Julia Fischer Bach

0 of 5 stars

Bach
Sonatas and Partitas for Unaccompanied Violin, BWV1001-1006:
Sonata in G minor, BWV1001
Partita in B minor, BWV1002
Sonata in A minor, BWV1003
Partita in D minor, BWV1004
Sonata in C, BWV1005
Partita in E, BWV1006

Julia Fischer (violin)

Recorded in December 2004 in Doopsgezinde Singelkirk, Amsterdam


Reviewed by: Douglas Cooksey

Reviewed: June 2005
CD No: PENTATONE CLASSICS
5186 072
[2 Hybrid CDs/SACDs]
Duration: 2 hours 29 minutes

As anyone who has heard Julia Fischer’s previous PentaTone release, of Russian concertos, or has heard her live will know, this young German violinist is among the finest of the current generation.

To record Bach’s solo violin music at the age of 21 might be thought premature, a point Fischer addresses in her booklet note. Her confidence is not misplaced. Yehudi Menuhin did so memorably at a similar age, and Fischer was clearly ready, too. Not only is she fully at the top of her game technically but, more importantly, there is a clear sense that these works form part of her daily musical diet – in much the same way that the cello suites did for Pablo Casals.

Having now played these recordings many times and with ever-increasing pleasure, it seems important to give the potential purchaser an impression of what are the significant features which make the set so special. First, the sound is quite excellent in the sympathetic acoustic of Amsterdam’s baroque Doopsgezinde Singelkirk – a matter of no small importance when contemplating two-and-a-half hours of unaccompanied violin music. Then, the consistently beautiful tone Fischer draws from her 1750 Guadagnini is similarly grateful on the ear; and simply as pure sound her rendering of the concluding Allegro of the A minor Sonata offers some of the most resonantly spectacular solo violin-playing one has any right to hear. Its sheer physical impact is consistently astonishing.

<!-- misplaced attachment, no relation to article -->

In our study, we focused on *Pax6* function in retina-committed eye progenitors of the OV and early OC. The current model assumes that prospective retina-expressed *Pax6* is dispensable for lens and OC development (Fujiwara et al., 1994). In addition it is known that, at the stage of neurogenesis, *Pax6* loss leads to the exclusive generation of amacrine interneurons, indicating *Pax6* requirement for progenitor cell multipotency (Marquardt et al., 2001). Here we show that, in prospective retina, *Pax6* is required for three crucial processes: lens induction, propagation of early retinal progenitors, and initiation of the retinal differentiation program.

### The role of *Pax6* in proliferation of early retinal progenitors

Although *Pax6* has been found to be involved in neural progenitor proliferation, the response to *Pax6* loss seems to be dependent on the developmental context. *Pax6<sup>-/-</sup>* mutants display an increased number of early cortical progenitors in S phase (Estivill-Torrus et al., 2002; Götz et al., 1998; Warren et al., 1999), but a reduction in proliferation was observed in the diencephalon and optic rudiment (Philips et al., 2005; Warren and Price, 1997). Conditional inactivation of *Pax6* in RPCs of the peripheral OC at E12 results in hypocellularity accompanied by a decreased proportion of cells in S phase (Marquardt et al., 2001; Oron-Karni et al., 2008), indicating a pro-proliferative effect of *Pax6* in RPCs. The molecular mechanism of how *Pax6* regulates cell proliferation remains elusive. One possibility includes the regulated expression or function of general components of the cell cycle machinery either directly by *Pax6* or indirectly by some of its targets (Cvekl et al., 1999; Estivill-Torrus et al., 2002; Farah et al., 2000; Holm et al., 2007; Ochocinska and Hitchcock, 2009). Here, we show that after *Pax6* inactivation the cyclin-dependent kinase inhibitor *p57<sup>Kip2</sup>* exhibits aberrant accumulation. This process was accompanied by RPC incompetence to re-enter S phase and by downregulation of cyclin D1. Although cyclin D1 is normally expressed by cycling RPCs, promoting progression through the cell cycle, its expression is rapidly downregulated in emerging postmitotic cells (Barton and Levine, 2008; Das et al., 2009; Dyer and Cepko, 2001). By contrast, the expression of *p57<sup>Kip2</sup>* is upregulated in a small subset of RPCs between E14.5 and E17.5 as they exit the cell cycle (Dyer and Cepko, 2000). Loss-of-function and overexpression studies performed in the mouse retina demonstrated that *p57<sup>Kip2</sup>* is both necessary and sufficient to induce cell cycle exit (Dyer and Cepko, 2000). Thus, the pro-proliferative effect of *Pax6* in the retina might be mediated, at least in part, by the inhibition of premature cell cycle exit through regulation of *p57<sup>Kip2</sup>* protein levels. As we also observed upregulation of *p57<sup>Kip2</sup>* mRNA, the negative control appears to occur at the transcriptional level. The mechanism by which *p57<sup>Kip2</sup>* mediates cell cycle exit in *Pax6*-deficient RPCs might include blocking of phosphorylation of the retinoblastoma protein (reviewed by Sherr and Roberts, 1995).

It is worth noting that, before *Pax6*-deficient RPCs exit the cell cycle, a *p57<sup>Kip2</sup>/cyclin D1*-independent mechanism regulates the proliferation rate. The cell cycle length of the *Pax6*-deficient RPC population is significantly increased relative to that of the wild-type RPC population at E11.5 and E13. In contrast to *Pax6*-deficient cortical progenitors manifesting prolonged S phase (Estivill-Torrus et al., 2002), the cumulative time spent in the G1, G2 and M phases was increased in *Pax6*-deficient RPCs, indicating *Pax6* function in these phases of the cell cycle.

However, what makes this set one to place alongside Arthur Grumiaux and Menuhin’s first versions is Fischer’s musical penetration. Despite her youth, her playing has the patience and spiritual maturity of one who has lived much longer. Like Botticelli’s painting “Primavera”, great Bach playing seems to stand outside its time, defying momentary performing trends and speaking with a directness and immediacy that goes beyond artistic fashion. That is not to say that there are not passages, particularly in the sonatas, when a baroque bow would achieve with greater ease – the ‘accompanimental’ lines in the Andante of the A minor Sonata comes to mind – but in the fugues of both this and the C major sonatas, Fischer builds the structures with extraordinary restraint and patience.

The varied dance movements of the partitas, too, are given the most subtle characterisation, for example the effortless brilliance and variety of her bowing in the ‘Double (Presto)’ from the B minor Partita followed immediately by an unbroken concentration of line in the ‘Sarabande’.

Many recordings are played once or at most twice, then consigned to the shelves. The best possible recommendation for this set is that after something like ten auditions one knows that the discs will still be played again. A bonus DVD is included in the form of a session report.

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